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Serves 6:

  • 50g dried shiitake mushrooms (porcini also work well)
  • 250g chestnut mushrooms
  • 120g shiitake mushrooms
  • 3 medium onions
  • 5 cloves of garlic
  • 1 litre of hot vegetable stock
  • 150ml red wine
  • 400g of puy lentils
  • 2 tablespoons of olive oil
  • Salt and pepper
  • A sprig of rosemary
  • 2 teaspoons of miso paste

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First, give your dried shiitake mushrooms a quick rinse before placing them in a large bowl and pouring over the hot stock, leaving them to soak for twenty minutes.

Meanwhile, finely chop the onions and crush the garlic cloves through a press. Chop both the fresh shiitake and chestnut mushrooms into discs, making them all a vaguely similar size. Place the lentils in a sieve and give them a thorough rinse.

When the dried shiitake mushrooms have soaked for twenty minutes, use a slotted spoon to take them out, letting as much liquid as possible drip off so they’re fairly dry. Chop these mushrooms, discarding any hard stalk ends.

Place a large casserole dish (I like to use Le Creuset) over a medium to high heat and pour in the 2 tablespoons of olive oil. When the oil’s hot, tip in the onions and fry for a few minutes until they’re starting to soften. Add the garlic and a few rosemary leaves and allow to cook for another couple of minutes, turning the heat down to medium. At this point add all the mushrooms and fry for approximately 5-10 minutes until they’ve all softened and shrunk down, cooked through.

Pour in the mushroom vegetable stock and the red wine, give it a good stir and then add the lentils. Stir once more, season with salt and pepper and sprinkle in the rest of the rosemary leaves. Make sure all the lentils are down in the liquid before placing the lid on and reducing the heat to a simmer. They should take about 45-60 minutes to cook, but every 10 minutes check it’s gently simmering and give the stew a good stir. You may find you have to add a little more liquid as the lentils soak it up – do a small amount at a time as you want a thick casserole by the end.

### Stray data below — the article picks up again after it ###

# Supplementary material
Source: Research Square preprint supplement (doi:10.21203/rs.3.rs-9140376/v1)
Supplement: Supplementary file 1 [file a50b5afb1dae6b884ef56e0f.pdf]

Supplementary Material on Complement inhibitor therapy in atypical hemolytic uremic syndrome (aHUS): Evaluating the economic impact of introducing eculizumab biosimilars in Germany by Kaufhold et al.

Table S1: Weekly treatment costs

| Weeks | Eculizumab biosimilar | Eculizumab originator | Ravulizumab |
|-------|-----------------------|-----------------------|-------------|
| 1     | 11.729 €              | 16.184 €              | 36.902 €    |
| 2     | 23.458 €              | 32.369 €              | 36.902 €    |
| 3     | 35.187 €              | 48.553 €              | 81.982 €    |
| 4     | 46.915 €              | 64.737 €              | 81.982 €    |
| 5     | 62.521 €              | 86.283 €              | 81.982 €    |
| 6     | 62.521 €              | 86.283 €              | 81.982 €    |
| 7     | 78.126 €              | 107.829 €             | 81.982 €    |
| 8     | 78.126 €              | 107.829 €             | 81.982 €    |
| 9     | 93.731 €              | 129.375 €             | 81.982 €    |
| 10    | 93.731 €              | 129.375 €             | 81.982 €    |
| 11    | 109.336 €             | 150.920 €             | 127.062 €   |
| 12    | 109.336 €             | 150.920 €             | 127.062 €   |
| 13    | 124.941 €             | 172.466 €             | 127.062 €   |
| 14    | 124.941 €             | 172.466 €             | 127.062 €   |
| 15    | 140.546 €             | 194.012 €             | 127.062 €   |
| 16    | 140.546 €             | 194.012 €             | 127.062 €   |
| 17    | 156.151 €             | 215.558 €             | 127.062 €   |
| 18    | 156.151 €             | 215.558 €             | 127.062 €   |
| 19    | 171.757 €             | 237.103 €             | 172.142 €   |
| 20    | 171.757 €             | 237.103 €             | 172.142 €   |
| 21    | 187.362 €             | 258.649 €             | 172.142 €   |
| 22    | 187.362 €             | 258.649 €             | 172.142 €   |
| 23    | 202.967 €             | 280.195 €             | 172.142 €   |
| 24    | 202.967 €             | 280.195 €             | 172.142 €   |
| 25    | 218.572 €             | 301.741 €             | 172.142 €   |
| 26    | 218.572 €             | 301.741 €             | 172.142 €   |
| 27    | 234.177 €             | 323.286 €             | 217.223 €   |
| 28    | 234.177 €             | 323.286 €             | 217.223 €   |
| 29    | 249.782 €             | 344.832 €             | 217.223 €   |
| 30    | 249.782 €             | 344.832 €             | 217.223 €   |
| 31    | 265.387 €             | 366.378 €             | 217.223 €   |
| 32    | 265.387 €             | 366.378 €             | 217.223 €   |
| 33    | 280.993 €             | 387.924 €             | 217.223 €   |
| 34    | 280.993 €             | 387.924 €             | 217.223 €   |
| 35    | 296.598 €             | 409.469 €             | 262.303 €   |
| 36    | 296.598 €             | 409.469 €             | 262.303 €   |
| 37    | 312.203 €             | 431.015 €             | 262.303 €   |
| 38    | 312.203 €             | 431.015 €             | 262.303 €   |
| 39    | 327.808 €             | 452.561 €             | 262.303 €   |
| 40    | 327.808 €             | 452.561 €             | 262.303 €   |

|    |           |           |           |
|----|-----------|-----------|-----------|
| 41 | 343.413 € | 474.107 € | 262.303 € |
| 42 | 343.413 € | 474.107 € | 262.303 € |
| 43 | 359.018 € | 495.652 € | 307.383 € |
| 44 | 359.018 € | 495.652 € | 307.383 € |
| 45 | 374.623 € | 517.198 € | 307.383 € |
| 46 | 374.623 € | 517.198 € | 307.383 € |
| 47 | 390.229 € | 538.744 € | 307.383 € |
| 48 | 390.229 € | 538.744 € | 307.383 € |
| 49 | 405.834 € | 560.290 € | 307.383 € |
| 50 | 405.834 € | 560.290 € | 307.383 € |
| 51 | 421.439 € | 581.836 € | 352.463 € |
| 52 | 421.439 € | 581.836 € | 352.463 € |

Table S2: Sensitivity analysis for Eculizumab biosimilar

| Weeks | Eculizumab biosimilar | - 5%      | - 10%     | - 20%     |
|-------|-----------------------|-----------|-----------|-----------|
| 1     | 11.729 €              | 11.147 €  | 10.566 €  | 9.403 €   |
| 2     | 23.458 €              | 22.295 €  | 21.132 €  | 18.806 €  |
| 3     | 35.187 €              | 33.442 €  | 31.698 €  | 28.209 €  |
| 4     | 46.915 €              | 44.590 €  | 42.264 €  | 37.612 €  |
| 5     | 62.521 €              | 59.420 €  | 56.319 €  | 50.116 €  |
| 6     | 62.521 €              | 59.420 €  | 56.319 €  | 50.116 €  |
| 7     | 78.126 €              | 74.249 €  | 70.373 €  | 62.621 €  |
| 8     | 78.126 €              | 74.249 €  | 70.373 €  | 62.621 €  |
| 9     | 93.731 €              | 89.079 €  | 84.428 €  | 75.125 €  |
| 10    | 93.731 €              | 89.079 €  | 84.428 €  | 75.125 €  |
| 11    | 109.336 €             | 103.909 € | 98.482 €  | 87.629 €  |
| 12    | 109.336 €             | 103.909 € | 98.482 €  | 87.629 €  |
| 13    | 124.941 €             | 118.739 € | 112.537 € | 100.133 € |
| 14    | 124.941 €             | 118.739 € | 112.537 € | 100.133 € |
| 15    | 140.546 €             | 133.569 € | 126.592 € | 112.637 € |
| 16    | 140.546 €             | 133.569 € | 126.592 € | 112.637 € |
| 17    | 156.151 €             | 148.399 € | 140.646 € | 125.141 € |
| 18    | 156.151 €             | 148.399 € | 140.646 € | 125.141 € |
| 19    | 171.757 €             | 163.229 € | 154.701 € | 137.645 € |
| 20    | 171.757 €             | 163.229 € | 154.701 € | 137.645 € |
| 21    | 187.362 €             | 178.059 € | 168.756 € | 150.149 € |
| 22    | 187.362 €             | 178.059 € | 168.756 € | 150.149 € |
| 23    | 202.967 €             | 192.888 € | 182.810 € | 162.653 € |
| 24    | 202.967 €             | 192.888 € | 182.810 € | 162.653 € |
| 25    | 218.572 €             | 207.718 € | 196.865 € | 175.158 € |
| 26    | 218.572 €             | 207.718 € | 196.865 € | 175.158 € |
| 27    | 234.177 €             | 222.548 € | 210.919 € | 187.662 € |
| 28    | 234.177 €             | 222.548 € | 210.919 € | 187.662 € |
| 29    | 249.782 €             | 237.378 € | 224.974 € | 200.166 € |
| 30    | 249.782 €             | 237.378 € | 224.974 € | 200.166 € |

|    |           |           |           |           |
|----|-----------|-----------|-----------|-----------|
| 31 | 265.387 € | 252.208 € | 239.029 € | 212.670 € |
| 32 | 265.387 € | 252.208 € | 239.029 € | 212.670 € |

Once the lentils are soft and the flavours have all come together, mix up the miso paste with a tiny bit of water and then stir into the mix, turning the heat off. Serve with rice or roast potatoes for a traditional winter supper, or try it in a lunch bowl with some roasted vegetables and salad.

Warm Winter Sprout & Quinoa Salad

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Quinoa is a slightly contentious topic in the food world at the moment (as this article highlights), due to the west’s sudden love and demand for this little grain. There’s no doubt that quinoa is one of the world’s greatest foods, especially for vegetarians and vegans out there: it’s a complete protein with all nine essential amino acids, it has almost twice as much fibre as most other grains and it’s packed with magnesium. In most ways, it trumps all other grains, but when poor Bolivians and Peruvians can no longer afford their staple food because of US and European demand raising prices, it’s not an easy or particularly acceptable thing to buy a packet of South American-grown quinoa and simply shrug and ignore this unethical fact.